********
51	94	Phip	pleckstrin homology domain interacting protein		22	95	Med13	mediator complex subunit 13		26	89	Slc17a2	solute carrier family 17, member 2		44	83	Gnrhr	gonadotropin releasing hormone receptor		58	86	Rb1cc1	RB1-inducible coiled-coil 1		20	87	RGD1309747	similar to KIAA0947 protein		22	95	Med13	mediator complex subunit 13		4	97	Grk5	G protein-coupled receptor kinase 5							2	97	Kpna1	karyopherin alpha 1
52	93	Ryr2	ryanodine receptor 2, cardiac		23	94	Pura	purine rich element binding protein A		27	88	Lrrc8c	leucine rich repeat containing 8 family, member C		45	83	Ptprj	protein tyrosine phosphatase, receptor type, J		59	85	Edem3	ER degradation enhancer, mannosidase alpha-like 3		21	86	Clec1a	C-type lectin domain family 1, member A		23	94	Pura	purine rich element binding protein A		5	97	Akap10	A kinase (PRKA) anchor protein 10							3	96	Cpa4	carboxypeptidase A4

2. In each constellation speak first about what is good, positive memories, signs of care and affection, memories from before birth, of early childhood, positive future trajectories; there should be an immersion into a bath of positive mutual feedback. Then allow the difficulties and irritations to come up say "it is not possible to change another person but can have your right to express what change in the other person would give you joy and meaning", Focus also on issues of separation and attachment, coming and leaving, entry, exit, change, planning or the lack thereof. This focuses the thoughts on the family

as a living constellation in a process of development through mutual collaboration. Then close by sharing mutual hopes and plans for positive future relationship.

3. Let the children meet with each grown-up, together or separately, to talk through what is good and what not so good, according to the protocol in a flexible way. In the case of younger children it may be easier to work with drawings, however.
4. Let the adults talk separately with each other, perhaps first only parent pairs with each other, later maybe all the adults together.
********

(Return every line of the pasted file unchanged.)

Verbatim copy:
51	94	Phip	pleckstrin homology domain interacting protein		22	95	Med13	mediator complex subunit 13		26	89	Slc17a2	solute carrier family 17, member 2		44	83	Gnrhr	gonadotropin releasing hormone receptor		58	86	Rb1cc1	RB1-inducible coiled-coil 1		20	87	RGD1309747	similar to KIAA0947 protein		22	95	Med13	mediator complex subunit 13		4	97	Grk5	G protein-coupled receptor kinase 5							2	97	Kpna1	karyopherin alpha 1
52	93	Ryr2	ryanodine receptor 2, cardiac		23	94	Pura	purine rich element binding protein A		27	88	Lrrc8c	leucine rich repeat containing 8 family, member C		45	83	Ptprj	protein tyrosine phosphatase, receptor type, J		59	85	Edem3	ER degradation enhancer, mannosidase alpha-like 3		21	86	Clec1a	C-type lectin domain family 1, member A		23	94	Pura	purine rich element binding protein A		5	97	Akap10	A kinase (PRKA) anchor protein 10							3	96	Cpa4	carboxypeptidase A4

2. In each constellation speak first about what is good, positive memories, signs of care and affection, memories from before birth, of early childhood, positive future trajectories; there should be an immersion into a bath of positive mutual feedback. Then allow the difficulties and irritations to come up say "it is not possible to change another person but can have your right to express what change in the other person would give you joy and meaning", Focus also on issues of separation and attachment, coming and leaving, entry, exit, change, planning or the lack thereof. This focuses the thoughts on the family

as a living constellation in a process of development through mutual collaboration. Then close by sharing mutual hopes and plans for positive future relationship.

3. Let the children meet with each grown-up, together or separately, to talk through what is good and what not so good, according to the protocol in a flexible way. In the case of younger children it may be easier to work with drawings, however.
4. Let the adults talk separately with each other, perhaps first only parent pairs with each other, later maybe all the adults together.